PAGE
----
As my tank empties I grab Moses’ emergency buddy regulator and we both pull the remaining air from the one tank for the rest of our safety stop, silently keeping a watching eye for the sharks. It was getting quite tough to pull the air through the regulator from Moses’ tank into my lungs when Moses signalled it was time to surface. Moses looks at his watch, gives me the OK and I start to ascend.
As we fin to the surface I look around, I cant see the sharks. There is only one thing worse than seeing a pack of frenzied sharks in your midst and that is not seeing them. Then Moses’ watch starts sounding. This was his dive watch telling him it was not safe to surface yet. We waited another minute but his dive watch was still going crazy. Moses signals for me to surface. I pause. We can’t ascend too quickly after diving so deep but there was no choice, we had no more air. I look down, still can’t see the sharks.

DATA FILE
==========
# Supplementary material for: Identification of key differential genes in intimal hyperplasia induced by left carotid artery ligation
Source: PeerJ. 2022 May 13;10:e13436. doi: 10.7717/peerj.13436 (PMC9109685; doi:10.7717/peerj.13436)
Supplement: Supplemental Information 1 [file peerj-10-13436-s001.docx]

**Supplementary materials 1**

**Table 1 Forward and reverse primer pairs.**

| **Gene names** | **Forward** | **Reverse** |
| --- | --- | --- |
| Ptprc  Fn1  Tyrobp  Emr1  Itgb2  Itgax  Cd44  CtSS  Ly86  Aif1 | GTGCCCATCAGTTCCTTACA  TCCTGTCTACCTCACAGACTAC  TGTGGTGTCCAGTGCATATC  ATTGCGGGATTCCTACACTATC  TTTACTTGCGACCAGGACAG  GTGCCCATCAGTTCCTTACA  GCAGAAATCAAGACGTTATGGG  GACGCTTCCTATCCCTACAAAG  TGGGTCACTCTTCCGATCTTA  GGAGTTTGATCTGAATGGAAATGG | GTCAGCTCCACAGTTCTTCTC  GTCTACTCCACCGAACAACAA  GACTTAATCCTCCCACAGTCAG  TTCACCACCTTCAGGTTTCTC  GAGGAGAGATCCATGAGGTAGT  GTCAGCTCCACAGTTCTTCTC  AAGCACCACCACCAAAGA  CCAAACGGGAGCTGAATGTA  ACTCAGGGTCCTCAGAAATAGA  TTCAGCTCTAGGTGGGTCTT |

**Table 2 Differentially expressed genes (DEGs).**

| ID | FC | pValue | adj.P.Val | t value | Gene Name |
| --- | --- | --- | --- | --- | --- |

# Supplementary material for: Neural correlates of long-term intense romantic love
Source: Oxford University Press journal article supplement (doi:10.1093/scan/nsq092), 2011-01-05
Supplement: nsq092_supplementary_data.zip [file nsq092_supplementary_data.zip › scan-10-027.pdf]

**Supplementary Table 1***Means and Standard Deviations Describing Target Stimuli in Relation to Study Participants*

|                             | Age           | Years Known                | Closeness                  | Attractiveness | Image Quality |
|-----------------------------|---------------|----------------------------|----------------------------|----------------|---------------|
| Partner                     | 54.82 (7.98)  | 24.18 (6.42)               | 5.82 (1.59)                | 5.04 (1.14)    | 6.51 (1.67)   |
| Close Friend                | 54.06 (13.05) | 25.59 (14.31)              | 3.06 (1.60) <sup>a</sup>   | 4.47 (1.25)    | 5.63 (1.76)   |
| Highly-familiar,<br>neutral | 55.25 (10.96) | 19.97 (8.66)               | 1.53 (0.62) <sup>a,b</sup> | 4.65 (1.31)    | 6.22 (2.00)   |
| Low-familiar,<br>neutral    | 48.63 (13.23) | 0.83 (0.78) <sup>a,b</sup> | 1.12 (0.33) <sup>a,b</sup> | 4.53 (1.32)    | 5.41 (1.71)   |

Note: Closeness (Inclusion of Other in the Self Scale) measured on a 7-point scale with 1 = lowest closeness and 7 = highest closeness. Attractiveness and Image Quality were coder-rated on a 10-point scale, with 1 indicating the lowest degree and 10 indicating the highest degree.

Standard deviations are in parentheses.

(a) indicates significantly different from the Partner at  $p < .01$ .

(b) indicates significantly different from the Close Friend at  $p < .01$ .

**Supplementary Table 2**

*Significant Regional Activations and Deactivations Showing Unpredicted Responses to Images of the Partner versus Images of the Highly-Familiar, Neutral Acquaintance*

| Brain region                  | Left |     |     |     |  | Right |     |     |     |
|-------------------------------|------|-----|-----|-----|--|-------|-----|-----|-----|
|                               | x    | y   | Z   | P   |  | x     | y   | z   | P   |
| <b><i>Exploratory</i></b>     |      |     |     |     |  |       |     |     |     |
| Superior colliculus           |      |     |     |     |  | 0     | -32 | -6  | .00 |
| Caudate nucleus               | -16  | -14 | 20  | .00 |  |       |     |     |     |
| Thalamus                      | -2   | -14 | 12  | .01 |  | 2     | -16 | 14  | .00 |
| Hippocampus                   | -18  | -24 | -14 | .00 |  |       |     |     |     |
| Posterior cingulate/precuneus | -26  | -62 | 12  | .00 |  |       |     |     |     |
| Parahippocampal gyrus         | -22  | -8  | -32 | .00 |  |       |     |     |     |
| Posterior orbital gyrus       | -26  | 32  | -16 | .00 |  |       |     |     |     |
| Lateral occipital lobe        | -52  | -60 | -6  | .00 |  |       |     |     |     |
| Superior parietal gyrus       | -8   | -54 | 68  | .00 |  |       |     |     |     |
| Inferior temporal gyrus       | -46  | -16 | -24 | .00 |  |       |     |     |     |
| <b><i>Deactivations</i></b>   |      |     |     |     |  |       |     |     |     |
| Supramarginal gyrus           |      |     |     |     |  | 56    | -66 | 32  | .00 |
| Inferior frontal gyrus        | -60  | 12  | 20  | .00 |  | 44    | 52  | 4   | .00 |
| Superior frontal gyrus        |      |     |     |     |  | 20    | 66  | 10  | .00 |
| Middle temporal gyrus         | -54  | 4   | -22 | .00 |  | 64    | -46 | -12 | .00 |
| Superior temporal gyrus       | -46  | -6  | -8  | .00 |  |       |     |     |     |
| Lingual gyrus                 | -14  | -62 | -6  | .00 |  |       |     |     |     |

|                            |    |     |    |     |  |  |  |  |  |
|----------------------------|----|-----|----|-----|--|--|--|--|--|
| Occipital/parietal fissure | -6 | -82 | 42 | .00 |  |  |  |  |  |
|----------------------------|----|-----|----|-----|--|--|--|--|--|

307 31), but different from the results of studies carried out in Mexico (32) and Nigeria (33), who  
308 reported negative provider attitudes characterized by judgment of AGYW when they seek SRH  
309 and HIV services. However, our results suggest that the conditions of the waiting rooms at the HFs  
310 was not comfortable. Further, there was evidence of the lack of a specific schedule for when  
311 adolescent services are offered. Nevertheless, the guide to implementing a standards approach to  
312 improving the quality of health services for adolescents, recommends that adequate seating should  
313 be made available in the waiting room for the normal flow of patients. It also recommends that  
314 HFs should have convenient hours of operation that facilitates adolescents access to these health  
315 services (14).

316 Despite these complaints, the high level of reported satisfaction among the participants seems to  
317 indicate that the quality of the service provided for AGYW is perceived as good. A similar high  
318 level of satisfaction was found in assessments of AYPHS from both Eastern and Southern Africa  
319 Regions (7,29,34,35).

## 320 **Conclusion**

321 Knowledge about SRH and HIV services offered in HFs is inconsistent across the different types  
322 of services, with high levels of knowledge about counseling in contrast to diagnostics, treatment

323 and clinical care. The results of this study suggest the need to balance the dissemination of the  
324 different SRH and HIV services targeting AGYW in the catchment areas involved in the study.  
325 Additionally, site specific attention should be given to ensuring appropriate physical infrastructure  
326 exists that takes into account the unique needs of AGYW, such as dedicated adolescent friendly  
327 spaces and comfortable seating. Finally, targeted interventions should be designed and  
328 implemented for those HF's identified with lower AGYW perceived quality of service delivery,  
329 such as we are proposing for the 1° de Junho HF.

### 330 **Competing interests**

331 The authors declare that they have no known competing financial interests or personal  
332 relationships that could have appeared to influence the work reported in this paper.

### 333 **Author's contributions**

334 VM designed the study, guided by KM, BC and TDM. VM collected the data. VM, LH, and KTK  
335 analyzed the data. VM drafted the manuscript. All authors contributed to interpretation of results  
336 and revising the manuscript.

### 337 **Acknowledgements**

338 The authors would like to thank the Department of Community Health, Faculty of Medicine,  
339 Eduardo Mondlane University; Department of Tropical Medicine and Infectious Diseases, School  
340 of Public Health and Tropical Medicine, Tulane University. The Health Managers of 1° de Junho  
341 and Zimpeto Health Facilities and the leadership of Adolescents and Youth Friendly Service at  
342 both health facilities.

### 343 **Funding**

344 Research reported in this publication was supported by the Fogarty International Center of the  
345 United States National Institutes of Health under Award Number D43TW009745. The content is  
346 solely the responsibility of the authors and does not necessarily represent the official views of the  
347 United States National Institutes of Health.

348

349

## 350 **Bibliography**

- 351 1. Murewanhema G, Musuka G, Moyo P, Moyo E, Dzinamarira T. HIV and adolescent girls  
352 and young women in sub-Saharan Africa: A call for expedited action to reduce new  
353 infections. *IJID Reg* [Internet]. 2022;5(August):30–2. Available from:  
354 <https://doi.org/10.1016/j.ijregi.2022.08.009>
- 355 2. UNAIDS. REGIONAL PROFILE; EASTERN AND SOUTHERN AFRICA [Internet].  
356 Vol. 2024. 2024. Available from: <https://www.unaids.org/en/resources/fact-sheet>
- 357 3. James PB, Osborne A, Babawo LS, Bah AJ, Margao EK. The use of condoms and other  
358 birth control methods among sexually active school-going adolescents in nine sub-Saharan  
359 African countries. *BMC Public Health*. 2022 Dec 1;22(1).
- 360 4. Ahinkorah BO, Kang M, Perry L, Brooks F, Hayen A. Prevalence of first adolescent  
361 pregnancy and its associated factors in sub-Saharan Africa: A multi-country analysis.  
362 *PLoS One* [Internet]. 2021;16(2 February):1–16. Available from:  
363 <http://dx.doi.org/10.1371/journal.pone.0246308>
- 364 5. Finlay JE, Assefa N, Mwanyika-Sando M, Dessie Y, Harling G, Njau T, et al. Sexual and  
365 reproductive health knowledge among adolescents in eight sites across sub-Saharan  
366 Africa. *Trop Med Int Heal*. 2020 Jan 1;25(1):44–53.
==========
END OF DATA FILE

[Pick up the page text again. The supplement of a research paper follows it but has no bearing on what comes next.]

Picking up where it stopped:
I sat on the back of the boat as we made our way to the nearest island. My chest tight, unable to take a full breath, lungs felt like they were burning. Moses sits next to me explaining he thinks his watch is broken, “we are ok, no problem, we are safe up.” I wasn’t so sure. “Its no problem Robbo, this…” he points at my labouring chest, ” this in your head.”
I lay on the beach, half in the water. The sun warming my tanned skin. The fire down the beach wafting grilling Lionfish and the flow of the wave gently rising to my navel. The clouds above stretch across the blue, interrupted by a palm fidgeting and rearranging its shadow. I roll my eyes closed, concentrating only on my breathing. Deep, slow, I breathed.
Eventually I return to the group, a plate of Lionfish awaiting me. The crew and some local islanders enjoying the merits of our excursion in a postcard perfect scene. I pull up a patch of driftwood near Moses. “You ok Robbo?” he enquires.
“I think so Moses, I just had to give myself a good talking to. I’m alright now”
“We will go down again then after lunch?” He queries, picking at the remains of his fish
“Absolutely mate, I wouldn’t miss it.”